The essays in the Reader, by speculating on what is particular to girls' experience of gender and age, demonstrate how dynamically these categories have operated to shape female experience. Issues that might seem of greater relevance to adult women than girls —such as sexuality, work, community relations, and politics—also resonated centrally in the lives of girls, but age significantly shaped girls' perspectives and their relative access to power and opportunity. We might ask, for example, to what degree new ideas about girlhood and womanhood were co-constructed during various waves of feminist activism, or how girls' age shaped their experience of gendered cultural paradigms such as the emergence of "compulsory heterosexuality" in the early twentieth century or the so-called "sexual revolution" of the 1960s. Standard periodizations of women's history (and American history more broadly) have tended to be less informative about these specific generational distinctions, subsuming girls into stories about women's pasts.

Nonetheless, the field of twentieth-century girls' history owes a significant debt to women's history scholarship and to feminist scholarship more generally. Some pioneering historians examined the early years in women's lives. For instance, the realm of consumer culture, in which older girls and young women found some degree of autonomy, was an early site of scholarly inquiry; Kathy Peiss' 1986 Cheap Amusements examines the lives of older workingclass girls and young women in New York City, while Beth Bailey's 1989 From Front Porch to Back Seat, a history of twentieth-century courtship and dating, explores the transition from girlhood to womanhood in the context of the rise of heterosociality, youthful peer cohorts, and consumer culture. In bringing together histories of older girls and young women, these authors showcased the important commonalities between girls of sixteen and women of twenty; however, younger girls' experiences of commercial culture and courtship remained mainly outside this scholarly purview.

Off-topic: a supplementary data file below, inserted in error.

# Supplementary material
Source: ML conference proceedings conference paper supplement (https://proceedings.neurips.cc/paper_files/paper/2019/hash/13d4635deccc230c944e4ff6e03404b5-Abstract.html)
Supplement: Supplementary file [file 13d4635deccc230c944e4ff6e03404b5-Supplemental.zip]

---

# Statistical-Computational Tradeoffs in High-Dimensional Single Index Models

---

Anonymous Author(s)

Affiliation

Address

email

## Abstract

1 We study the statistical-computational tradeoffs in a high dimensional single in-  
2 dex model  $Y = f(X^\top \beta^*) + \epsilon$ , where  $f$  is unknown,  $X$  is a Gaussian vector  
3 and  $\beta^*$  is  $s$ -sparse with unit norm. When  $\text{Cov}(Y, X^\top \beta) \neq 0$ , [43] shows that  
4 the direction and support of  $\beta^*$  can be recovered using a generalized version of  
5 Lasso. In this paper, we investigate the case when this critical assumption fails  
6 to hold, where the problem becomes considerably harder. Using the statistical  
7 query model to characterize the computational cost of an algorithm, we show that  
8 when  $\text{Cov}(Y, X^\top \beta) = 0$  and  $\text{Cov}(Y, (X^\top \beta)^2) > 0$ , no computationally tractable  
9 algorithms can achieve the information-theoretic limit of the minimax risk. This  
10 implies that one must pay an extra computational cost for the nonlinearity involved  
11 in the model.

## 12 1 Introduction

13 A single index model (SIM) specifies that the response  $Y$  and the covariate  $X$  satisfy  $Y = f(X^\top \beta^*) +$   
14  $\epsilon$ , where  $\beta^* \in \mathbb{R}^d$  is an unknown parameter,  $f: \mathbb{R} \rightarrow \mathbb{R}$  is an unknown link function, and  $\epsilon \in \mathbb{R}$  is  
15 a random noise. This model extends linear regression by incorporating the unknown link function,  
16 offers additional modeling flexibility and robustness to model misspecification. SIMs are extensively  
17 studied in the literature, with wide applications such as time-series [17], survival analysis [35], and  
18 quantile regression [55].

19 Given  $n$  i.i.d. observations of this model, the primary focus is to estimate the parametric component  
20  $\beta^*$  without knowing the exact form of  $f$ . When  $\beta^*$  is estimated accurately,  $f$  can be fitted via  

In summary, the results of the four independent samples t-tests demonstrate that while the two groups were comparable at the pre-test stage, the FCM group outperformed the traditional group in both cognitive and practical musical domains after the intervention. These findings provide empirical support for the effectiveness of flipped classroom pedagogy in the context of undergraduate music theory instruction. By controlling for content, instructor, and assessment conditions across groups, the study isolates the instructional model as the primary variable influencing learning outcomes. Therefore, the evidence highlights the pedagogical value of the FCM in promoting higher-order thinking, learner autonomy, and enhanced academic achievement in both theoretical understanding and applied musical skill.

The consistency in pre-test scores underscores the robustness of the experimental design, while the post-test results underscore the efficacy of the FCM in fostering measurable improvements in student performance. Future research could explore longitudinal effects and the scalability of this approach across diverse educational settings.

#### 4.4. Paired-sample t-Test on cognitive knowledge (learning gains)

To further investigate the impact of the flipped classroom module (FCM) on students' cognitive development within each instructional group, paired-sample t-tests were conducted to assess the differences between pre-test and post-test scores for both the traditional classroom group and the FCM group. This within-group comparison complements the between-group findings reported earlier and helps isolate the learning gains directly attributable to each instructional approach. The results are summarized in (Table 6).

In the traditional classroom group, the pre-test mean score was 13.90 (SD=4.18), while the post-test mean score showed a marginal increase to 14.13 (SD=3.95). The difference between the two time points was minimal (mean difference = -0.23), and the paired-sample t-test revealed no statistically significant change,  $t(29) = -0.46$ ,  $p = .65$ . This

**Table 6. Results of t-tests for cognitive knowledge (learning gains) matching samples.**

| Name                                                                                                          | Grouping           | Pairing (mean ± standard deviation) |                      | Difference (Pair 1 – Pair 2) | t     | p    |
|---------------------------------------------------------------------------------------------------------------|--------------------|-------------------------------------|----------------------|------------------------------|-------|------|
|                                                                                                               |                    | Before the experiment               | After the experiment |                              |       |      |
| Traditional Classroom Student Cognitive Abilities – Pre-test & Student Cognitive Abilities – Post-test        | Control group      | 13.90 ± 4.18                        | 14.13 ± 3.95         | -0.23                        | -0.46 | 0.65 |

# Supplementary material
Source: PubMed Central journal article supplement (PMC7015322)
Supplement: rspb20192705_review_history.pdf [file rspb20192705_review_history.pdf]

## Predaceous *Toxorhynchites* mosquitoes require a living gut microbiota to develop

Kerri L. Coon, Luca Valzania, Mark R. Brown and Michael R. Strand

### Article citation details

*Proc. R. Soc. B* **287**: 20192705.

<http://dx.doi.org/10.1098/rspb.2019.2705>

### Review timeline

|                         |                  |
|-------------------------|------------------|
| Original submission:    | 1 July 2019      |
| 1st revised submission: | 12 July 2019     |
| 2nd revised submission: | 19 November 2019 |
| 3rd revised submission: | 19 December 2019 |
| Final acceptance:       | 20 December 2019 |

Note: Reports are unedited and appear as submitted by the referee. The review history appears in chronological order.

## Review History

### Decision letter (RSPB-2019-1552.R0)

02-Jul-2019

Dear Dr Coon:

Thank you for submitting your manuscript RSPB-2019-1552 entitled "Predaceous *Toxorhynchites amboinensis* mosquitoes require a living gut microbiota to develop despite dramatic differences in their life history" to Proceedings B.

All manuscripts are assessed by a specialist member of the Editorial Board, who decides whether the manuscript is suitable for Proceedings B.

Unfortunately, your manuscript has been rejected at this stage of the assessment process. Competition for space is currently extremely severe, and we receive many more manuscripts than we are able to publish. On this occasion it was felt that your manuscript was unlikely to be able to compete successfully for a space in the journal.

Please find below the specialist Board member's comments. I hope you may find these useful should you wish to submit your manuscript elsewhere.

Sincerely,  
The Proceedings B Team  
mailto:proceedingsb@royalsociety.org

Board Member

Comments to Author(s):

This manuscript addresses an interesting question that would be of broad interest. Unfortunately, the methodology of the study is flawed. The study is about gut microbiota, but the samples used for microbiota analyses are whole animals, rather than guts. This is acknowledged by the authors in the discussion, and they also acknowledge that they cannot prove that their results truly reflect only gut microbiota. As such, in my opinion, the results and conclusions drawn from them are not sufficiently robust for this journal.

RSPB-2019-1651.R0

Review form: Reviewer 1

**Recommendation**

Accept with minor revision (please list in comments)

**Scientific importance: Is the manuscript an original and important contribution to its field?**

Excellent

Similar concerns energized other feminist scholars who began to pursue more specifically girl-centered research agendas. For instance, girls' emotional lives were the focus of research across disciplinary divides. In an influential study published in the early 1980s, psychologist Carol Gilligan pursued questions about American girls' moral development; later that decade, Joan Jacobs Brumberg historicized anorexia nervosa in her examination of girls' refusal to eat. Much "girls' studies" research developed in fields that were more contemporary in their orientation, such as cultural studies, media studies, and sociology. Communications studies scholars in particular were influenced by cultural studies scholar Angela McRobbie, who had conducted ethnographic research on British girls' youth cultures of the 1970s, and by British cultural studies scholar Carolyn Steedman, whose 1987 memoir of her own working-class girlhood was simultaneously theoretical and autobiographical. A number of historically oriented scholars, including Wini Breines (1992) and Susan Douglas (1995), infused histories of midcentury white girls' cultures with autobiographical elements drawn from their own adolescences.